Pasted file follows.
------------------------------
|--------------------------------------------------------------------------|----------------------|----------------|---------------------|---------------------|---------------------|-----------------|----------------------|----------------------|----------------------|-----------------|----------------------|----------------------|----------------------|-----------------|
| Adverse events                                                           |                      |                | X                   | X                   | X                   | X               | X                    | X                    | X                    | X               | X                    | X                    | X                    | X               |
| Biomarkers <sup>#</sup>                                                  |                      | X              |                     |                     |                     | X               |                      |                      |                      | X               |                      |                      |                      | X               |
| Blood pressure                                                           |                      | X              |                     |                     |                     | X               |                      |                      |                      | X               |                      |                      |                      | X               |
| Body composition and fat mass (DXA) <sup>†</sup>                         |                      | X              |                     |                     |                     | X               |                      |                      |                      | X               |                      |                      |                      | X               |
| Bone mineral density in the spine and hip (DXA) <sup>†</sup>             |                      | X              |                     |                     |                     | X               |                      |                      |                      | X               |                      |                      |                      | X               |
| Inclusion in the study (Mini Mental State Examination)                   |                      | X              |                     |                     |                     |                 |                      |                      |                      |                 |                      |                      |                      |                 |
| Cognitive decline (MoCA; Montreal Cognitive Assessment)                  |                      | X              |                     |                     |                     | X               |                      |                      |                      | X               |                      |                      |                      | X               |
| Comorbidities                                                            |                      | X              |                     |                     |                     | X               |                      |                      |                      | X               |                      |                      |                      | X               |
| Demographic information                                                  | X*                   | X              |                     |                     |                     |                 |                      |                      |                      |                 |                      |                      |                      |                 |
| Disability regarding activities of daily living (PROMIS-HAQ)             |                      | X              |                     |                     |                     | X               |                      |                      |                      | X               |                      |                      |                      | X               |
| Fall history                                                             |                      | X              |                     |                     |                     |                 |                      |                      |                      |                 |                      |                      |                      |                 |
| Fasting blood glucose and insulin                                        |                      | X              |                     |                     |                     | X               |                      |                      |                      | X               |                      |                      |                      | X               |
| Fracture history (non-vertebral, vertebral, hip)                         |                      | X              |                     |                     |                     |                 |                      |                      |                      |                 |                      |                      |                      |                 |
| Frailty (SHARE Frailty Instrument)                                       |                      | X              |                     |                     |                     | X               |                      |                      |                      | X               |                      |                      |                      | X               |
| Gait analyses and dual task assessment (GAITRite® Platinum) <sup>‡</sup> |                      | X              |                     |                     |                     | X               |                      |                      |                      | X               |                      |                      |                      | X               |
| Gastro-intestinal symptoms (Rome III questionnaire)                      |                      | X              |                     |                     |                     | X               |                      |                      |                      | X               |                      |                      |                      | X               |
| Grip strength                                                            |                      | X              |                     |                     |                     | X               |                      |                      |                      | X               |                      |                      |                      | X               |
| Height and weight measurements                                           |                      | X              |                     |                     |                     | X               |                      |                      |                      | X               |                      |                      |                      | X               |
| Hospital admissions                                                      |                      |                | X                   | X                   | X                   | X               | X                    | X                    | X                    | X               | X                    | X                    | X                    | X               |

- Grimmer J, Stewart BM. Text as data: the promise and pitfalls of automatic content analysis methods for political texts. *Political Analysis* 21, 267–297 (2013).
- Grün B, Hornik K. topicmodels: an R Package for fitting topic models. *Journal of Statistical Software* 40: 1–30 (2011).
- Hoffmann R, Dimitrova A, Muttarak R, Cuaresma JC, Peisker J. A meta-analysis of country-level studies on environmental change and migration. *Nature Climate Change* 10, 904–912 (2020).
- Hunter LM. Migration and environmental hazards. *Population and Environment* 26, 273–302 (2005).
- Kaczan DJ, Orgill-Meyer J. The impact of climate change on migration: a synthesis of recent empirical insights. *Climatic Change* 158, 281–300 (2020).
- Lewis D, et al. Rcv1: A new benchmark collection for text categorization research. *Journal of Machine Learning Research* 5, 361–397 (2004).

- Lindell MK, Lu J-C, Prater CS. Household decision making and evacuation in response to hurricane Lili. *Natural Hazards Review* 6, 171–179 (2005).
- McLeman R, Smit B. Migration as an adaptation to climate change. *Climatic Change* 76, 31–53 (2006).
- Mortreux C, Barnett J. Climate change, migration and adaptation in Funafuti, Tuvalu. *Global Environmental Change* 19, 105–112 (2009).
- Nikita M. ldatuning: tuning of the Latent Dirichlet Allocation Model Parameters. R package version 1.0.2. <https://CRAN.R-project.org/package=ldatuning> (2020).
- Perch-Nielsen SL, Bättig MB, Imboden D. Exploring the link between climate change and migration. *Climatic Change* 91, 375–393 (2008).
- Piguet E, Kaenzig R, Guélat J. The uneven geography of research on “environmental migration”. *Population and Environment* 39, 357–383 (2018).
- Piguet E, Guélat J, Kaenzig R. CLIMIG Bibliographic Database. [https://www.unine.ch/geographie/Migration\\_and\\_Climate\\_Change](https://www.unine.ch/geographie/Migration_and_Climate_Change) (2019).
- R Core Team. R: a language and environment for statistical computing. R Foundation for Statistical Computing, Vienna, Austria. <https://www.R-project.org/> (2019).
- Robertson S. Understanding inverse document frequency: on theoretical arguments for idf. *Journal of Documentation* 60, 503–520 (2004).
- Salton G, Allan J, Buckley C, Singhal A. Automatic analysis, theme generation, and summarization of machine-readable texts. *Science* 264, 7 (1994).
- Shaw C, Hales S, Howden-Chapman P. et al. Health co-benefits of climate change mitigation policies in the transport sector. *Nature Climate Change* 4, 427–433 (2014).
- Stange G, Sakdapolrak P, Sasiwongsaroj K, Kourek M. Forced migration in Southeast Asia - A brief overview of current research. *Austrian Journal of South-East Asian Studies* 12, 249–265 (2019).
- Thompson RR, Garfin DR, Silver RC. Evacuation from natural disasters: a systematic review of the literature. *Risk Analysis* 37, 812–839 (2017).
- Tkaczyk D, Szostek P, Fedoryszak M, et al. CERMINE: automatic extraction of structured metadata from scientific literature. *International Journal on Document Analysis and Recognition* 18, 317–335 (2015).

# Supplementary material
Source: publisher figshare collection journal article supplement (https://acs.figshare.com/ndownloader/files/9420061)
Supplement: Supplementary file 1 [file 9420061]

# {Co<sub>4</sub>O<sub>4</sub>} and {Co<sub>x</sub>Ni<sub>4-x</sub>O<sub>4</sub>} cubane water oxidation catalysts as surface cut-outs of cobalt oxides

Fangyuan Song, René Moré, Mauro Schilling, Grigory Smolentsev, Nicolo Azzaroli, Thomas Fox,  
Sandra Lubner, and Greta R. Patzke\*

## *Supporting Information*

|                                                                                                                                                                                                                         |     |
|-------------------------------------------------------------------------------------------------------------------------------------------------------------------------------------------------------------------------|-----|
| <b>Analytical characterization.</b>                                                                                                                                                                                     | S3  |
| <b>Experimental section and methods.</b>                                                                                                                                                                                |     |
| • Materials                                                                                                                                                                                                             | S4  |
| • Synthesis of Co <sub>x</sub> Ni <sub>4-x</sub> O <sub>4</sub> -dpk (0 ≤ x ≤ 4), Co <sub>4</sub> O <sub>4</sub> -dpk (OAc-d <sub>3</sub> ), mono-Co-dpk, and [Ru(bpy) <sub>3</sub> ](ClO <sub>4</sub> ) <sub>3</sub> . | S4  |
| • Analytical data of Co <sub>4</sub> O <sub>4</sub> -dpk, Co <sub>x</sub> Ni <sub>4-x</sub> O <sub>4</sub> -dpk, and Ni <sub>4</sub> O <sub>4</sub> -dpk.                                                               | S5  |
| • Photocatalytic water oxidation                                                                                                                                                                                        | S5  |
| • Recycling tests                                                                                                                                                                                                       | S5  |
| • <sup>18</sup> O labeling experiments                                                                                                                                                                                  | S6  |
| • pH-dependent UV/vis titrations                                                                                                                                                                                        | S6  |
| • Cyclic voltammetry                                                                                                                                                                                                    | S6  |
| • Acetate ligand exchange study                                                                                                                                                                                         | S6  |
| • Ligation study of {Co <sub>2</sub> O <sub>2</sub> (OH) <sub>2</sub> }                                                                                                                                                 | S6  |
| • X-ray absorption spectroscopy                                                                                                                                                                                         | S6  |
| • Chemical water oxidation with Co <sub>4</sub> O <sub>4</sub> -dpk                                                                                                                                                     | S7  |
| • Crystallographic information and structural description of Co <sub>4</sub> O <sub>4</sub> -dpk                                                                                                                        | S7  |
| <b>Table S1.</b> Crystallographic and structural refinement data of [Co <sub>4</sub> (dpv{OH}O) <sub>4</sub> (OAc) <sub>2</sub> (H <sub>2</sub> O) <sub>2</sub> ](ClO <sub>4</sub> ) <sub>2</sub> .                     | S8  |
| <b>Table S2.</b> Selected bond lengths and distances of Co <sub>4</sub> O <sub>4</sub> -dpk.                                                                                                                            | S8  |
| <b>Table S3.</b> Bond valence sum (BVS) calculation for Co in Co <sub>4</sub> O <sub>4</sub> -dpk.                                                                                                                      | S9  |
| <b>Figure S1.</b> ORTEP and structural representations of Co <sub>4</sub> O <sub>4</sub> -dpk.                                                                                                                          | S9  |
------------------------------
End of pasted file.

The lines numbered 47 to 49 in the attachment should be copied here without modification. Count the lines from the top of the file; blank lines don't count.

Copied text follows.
## *Supporting Information*

|                                                                                                                                                                                                                         |     |
|-------------------------------------------------------------------------------------------------------------------------------------------------------------------------------------------------------------------------|-----|